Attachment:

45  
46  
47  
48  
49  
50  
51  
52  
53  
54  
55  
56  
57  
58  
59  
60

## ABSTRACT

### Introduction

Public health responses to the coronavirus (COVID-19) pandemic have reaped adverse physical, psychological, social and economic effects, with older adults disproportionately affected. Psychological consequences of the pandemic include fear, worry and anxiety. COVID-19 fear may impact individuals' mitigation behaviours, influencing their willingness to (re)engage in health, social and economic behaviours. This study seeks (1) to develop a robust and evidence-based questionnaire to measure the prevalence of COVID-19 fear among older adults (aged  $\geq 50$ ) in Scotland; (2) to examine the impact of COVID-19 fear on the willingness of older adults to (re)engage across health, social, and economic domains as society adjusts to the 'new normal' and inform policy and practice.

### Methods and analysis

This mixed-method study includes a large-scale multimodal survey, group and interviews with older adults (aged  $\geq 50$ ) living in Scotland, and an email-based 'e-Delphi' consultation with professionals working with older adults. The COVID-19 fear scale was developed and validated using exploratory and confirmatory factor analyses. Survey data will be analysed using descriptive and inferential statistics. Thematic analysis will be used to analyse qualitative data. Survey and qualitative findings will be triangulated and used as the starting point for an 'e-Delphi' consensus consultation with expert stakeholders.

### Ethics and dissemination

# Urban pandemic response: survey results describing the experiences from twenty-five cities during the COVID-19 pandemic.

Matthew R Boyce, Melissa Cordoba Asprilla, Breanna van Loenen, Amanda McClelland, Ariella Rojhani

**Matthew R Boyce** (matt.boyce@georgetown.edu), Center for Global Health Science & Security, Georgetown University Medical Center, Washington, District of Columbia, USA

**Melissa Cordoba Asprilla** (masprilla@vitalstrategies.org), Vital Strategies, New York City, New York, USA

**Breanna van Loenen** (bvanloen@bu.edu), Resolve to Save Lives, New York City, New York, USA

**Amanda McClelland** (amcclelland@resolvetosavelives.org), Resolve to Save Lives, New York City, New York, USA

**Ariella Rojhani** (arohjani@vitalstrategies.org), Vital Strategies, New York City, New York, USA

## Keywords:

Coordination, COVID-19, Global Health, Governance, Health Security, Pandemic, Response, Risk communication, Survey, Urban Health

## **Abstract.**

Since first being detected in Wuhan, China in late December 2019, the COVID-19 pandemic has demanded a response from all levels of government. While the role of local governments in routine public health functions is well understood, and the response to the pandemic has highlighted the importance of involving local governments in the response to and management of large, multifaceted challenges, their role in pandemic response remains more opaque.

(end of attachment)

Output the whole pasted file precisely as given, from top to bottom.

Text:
45  
46  
47  
48  
49  
50  
51  
52  
53  
54  
55  
56  
57  
58  
59  
60

## ABSTRACT

### Introduction

Public health responses to the coronavirus (COVID-19) pandemic have reaped adverse physical, psychological, social and economic effects, with older adults disproportionately affected. Psychological consequences of the pandemic include fear, worry and anxiety. COVID-19 fear may impact individuals' mitigation behaviours, influencing their willingness to (re)engage in health, social and economic behaviours. This study seeks (1) to develop a robust and evidence-based questionnaire to measure the prevalence of COVID-19 fear among older adults (aged  $\geq 50$ ) in Scotland; (2) to examine the impact of COVID-19 fear on the willingness of older adults to (re)engage across health, social, and economic domains as society adjusts to the 'new normal' and inform policy and practice.

### Methods and analysis

This mixed-method study includes a large-scale multimodal survey, group and interviews with older adults (aged  $\geq 50$ ) living in Scotland, and an email-based 'e-Delphi' consultation with professionals working with older adults. The COVID-19 fear scale was developed and validated using exploratory and confirmatory factor analyses. Survey data will be analysed using descriptive and inferential statistics. Thematic analysis will be used to analyse qualitative data. Survey and qualitative findings will be triangulated and used as the starting point for an 'e-Delphi' consensus consultation with expert stakeholders.

### Ethics and dissemination

# Urban pandemic response: survey results describing the experiences from twenty-five cities during the COVID-19 pandemic.

Matthew R Boyce, Melissa Cordoba Asprilla, Breanna van Loenen, Amanda McClelland, Ariella Rojhani

**Matthew R Boyce** (matt.boyce@georgetown.edu), Center for Global Health Science & Security, Georgetown University Medical Center, Washington, District of Columbia, USA

**Melissa Cordoba Asprilla** (masprilla@vitalstrategies.org), Vital Strategies, New York City, New York, USA

**Breanna van Loenen** (bvanloen@bu.edu), Resolve to Save Lives, New York City, New York, USA

**Amanda McClelland** (amcclelland@resolvetosavelives.org), Resolve to Save Lives, New York City, New York, USA

**Ariella Rojhani** (arohjani@vitalstrategies.org), Vital Strategies, New York City, New York, USA

## Keywords:

Coordination, COVID-19, Global Health, Governance, Health Security, Pandemic, Response, Risk communication, Survey, Urban Health

## **Abstract.**

Since first being detected in Wuhan, China in late December 2019, the COVID-19 pandemic has demanded a response from all levels of government. While the role of local governments in routine public health functions is well understood, and the response to the pandemic has highlighted the importance of involving local governments in the response to and management of large, multifaceted challenges, their role in pandemic response remains more opaque.